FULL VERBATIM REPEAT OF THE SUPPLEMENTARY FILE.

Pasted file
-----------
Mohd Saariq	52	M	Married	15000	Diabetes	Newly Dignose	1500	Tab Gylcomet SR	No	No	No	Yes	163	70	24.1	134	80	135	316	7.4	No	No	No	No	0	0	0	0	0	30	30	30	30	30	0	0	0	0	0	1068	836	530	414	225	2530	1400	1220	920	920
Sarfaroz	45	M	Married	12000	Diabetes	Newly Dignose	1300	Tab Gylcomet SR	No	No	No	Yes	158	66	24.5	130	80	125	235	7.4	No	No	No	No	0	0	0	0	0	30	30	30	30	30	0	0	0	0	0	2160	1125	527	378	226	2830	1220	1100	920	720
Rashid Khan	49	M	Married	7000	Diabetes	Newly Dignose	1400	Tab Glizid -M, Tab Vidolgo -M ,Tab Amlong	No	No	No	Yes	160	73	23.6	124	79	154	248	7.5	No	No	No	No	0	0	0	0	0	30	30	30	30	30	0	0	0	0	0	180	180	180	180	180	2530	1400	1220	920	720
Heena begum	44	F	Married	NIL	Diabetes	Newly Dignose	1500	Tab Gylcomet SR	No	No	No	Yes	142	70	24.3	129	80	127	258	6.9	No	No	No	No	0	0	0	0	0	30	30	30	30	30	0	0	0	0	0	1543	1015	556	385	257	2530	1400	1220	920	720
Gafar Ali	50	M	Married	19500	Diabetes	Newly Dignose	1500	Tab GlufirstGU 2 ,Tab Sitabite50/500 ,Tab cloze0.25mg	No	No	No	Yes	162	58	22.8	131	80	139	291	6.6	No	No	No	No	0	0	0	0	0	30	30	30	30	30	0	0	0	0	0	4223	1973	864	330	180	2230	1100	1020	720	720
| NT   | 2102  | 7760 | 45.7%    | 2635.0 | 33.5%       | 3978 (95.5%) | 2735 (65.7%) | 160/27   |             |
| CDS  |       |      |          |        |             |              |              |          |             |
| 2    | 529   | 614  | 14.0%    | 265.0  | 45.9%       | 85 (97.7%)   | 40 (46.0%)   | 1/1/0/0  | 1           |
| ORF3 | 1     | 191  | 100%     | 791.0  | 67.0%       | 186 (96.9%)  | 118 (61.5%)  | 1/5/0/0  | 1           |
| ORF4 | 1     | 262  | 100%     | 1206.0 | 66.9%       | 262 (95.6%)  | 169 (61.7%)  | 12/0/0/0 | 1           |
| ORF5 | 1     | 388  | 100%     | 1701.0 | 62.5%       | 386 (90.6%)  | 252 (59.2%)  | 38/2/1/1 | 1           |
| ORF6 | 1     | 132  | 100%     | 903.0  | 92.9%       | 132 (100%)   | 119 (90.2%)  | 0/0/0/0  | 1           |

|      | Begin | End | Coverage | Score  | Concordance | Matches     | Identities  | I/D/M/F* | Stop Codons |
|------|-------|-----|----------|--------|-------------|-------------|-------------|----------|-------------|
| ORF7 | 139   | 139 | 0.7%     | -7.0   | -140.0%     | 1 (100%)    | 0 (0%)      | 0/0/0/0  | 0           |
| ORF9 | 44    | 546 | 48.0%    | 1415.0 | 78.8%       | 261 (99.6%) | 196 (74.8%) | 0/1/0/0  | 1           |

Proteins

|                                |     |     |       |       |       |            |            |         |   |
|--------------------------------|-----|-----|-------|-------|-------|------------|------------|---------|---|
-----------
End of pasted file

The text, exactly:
Mohd Saariq	52	M	Married	15000	Diabetes	Newly Dignose	1500	Tab Gylcomet SR	No	No	No	Yes	163	70	24.1	134	80	135	316	7.4	No	No	No	No	0	0	0	0	0	30	30	30	30	30	0	0	0	0	0	1068	836	530	414	225	2530	1400	1220	920	920
Sarfaroz	45	M	Married	12000	Diabetes	Newly Dignose	1300	Tab Gylcomet SR	No	No	No	Yes	158	66	24.5	130	80	125	235	7.4	No	No	No	No	0	0	0	0	0	30	30	30	30	30	0	0	0	0	0	2160	1125	527	378	226	2830	1220	1100	920	720
Rashid Khan	49	M	Married	7000	Diabetes	Newly Dignose	1400	Tab Glizid -M, Tab Vidolgo -M ,Tab Amlong	No	No	No	Yes	160	73	23.6	124	79	154	248	7.5	No	No	No	No	0	0	0	0	0	30	30	30	30	30	0	0	0	0	0	180	180	180	180	180	2530	1400	1220	920	720
Heena begum	44	F	Married	NIL	Diabetes	Newly Dignose	1500	Tab Gylcomet SR	No	No	No	Yes	142	70	24.3	129	80	127	258	6.9	No	No	No	No	0	0	0	0	0	30	30	30	30	30	0	0	0	0	0	1543	1015	556	385	257	2530	1400	1220	920	720
Gafar Ali	50	M	Married	19500	Diabetes	Newly Dignose	1500	Tab GlufirstGU 2 ,Tab Sitabite50/500 ,Tab cloze0.25mg	No	No	No	Yes	162	58	22.8	131	80	139	291	6.6	No	No	No	No	0	0	0	0	0	30	30	30	30	30	0	0	0	0	0	4223	1973	864	330	180	2230	1100	1020	720	720
| NT   | 2102  | 7760 | 45.7%    | 2635.0 | 33.5%       | 3978 (95.5%) | 2735 (65.7%) | 160/27   |             |
| CDS  |       |      |          |        |             |              |              |          |             |
| 2    | 529   | 614  | 14.0%    | 265.0  | 45.9%       | 85 (97.7%)   | 40 (46.0%)   | 1/1/0/0  | 1           |
| ORF3 | 1     | 191  | 100%     | 791.0  | 67.0%       | 186 (96.9%)  | 118 (61.5%)  | 1/5/0/0  | 1           |
| ORF4 | 1     | 262  | 100%     | 1206.0 | 66.9%       | 262 (95.6%)  | 169 (61.7%)  | 12/0/0/0 | 1           |
| ORF5 | 1     | 388  | 100%     | 1701.0 | 62.5%       | 386 (90.6%)  | 252 (59.2%)  | 38/2/1/1 | 1           |
| ORF6 | 1     | 132  | 100%     | 903.0  | 92.9%       | 132 (100%)   | 119 (90.2%)  | 0/0/0/0  | 1           |

|      | Begin | End | Coverage | Score  | Concordance | Matches     | Identities  | I/D/M/F* | Stop Codons |
|------|-------|-----|----------|--------|-------------|-------------|-------------|----------|-------------|
| ORF7 | 139   | 139 | 0.7%     | -7.0   | -140.0%     | 1 (100%)    | 0 (0%)      | 0/0/0/0  | 0           |
| ORF9 | 44    | 546 | 48.0%    | 1415.0 | 78.8%       | 261 (99.6%) | 196 (74.8%) | 0/1/0/0  | 1           |

Proteins

|                                |     |     |       |       |       |            |            |         |   |
|--------------------------------|-----|-----|-------|-------|-------|------------|------------|---------|---|